Tales to Tell
Early love of books leads to alumna’s second career as teen and adult fantasy, mystery, and suspense write

Eva Pohler '89, B.A. English Language and Literature

Eva Pohler with flowers and trees in the background.

Eva Pohler leads a double life. In one she is a retired college professor, devoted wife and mom, admitted HGTV and Netflix junkie, and a self-described “semi-dedicated” gardener. In the other, she’s engrossed with mysterious ghosts, evil vampires, and vengeful Greek deities. And while it is her fantasy world that has catapulted her to fame as a best-selling author, it is the real world that keeps her grounded.

 Enthralled with books from an early age, the San Antonio native began writing stories in sixth grade—“purely for my own entertainment,” she says—and never stopped. When a fable she had written for a high school English class was published in a fellow student’s Dungeons and Dragons newsletter, she was hooked and began dreaming of becoming a full-time writer.

Encouraged by her parents to pursue a more practical path, Eva entered Trinity “hoping to be like Anton Chekhov—both a writer and a doctor,” she says. When struggles with chemistry nixed her premed plans, she turned to education under the tutelage of professor John Moore, whom she calls “a true inspiration.” However, one semester of observing a fifth-grade classroom taught her that teaching young children was not for her. She turned to English as a major and found herself mesmerized by English professors Vicki Aarons, Willis Salomon, Peter Balbert, David Middleton, Judith Fischer, Norman Sherry, and Karl Kregor and took every creative writing class offered by Robert Flynn. Ironically, it was working with history professor Don Clark on a first-year seminar program that inspired her to become a professor. “I wanted the liberty to study my favorite subject, to share it with impressionable, young (but not too young) minds, and to schedule my day after nine o’clock,” she laughs, admitting that she is not a morning person so the flexibility of professors’ schedules was a major draw.

She earned a master’s degree in English at St. Mary’s University, followed by a doctorate at Texas Tech University, which offered her a teaching position. “I knew I was on the right track because every day was a pleasure, despite the hard work,” she says.

Returning to San Antonio, Eva married “the love of [her] life,” she fondly says, and began teaching English and literature as an adjunct at Trinity, St. Mary’s, and San Antonio College prior to accepting a full-time position at the University of Texas at San Antonio. She taught literature and creative writing there for 20 years while raising her three children and serving as Cub Scout master for her sons and a Girl Scout troop leader for her daughter.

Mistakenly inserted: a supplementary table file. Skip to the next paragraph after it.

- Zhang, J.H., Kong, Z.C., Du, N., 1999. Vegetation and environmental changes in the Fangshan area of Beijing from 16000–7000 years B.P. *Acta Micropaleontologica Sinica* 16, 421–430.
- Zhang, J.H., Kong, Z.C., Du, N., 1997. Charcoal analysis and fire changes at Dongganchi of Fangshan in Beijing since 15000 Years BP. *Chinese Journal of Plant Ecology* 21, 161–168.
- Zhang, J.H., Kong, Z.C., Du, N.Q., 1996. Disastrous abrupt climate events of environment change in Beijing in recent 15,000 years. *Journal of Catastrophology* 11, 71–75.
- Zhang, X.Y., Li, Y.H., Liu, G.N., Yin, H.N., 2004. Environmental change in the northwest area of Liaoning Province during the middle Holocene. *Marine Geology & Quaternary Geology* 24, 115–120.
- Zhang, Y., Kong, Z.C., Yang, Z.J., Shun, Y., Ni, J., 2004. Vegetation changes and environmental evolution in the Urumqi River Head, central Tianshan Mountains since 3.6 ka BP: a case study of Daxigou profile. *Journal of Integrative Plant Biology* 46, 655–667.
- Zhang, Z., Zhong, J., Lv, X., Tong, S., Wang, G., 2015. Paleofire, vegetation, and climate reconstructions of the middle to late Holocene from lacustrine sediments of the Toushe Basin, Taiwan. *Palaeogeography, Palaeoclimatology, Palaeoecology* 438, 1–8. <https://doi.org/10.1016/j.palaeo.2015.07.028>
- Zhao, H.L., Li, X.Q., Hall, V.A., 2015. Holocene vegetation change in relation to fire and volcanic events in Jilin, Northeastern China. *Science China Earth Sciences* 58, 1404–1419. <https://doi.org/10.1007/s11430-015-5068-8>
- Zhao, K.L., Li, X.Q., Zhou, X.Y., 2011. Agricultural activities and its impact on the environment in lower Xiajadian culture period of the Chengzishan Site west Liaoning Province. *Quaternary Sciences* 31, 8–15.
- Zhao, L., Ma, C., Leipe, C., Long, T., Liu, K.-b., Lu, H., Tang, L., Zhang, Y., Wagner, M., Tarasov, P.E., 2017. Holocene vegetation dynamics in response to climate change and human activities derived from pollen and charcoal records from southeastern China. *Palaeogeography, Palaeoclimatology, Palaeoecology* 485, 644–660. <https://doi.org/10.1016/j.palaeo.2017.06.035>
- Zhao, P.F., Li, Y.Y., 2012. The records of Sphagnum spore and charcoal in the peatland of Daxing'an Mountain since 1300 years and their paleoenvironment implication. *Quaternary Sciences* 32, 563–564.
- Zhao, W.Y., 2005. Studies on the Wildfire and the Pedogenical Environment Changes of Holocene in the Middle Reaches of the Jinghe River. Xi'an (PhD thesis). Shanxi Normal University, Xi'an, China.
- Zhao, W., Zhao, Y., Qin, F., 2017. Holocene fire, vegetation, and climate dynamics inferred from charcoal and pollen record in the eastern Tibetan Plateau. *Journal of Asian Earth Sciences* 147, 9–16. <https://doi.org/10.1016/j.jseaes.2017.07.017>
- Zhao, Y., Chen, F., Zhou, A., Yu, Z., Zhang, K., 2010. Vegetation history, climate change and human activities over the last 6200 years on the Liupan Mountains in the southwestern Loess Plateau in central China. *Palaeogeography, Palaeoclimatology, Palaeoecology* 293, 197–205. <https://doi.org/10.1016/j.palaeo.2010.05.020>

Portrait of Eva Pohler

Although she had been writing all along, it was not until her youngest child was in middle school that Eva became a serious writer. When queries to agents failed to produce results, a friend convinced her to self-publish. She began with two of four finished manuscripts, The Mystery Box and The Gatekeeper’s Sons, but it wasn’t until a 2013 conference geared toward indie authors, which introduced her to marketing strategies, that sales began to soar. By 2015 she was able to retire from teaching and fulfill her dream of being a full-time writer.

For the first year, Eva reveled in spending most days in her PJs at her laptop doing what she loved best, unleashing her imagination on fantasy and suspense tales. In January of this year, her career reached a major milestone when her boxed set Sigils and Spells made USA Today’s bestsellers list. This April she released the final book in the Gatekeeper’s series, which began as a trilogy but was extended into a six-book saga due to reader demand. The books tell the story of a teen who becomes the object of desire of Thanatos, the god of death. Eva’s current work, The Mystery House Series, which she describes as “kind of like Nancy Drew meets ‘If This House Could Talk,’” involves three best friends and empty nesters who must solve a mystery and bring peace to the ghost or ghosts haunting the houses they intend to flip.

Eva herself is not eager for an empty nest and is happy that her adult children still live at home. When she’s not plotting mysteries, she enjoys making improvements to her home and garden. Eva and her husband enjoy hosting big family gatherings and recently renovated their home to better equip it for entertaining. She’s looking forward to fall planting, noting, “Eating what one grows is such a thrill.” If she has a guilty pleasure, it’s being a closet fan of the TV series The Flash. She has seen all 92 episodes multiple times and met two of its stars at Comicpalooza last summer in Houston.

This fall she will teach two First-Year Experience courses at Trinity. “I’m so excited to be back at my alma mater doing my ‘thing’ in front of students while continuing to make my writing dreams come true,” she says. She will also be featured on Trinity’s Learning TUgether podcast series in October. On her success as an author—20 books and counting—Eva adds, “I’m thrilled that now my books are enthralling readers in the same way I was enthralled by books as a child.”

You can contact Eva at evapohler@sbcglobal.net.

Mary Denny helps tell Trinity's story as a contributor to the University communications team.

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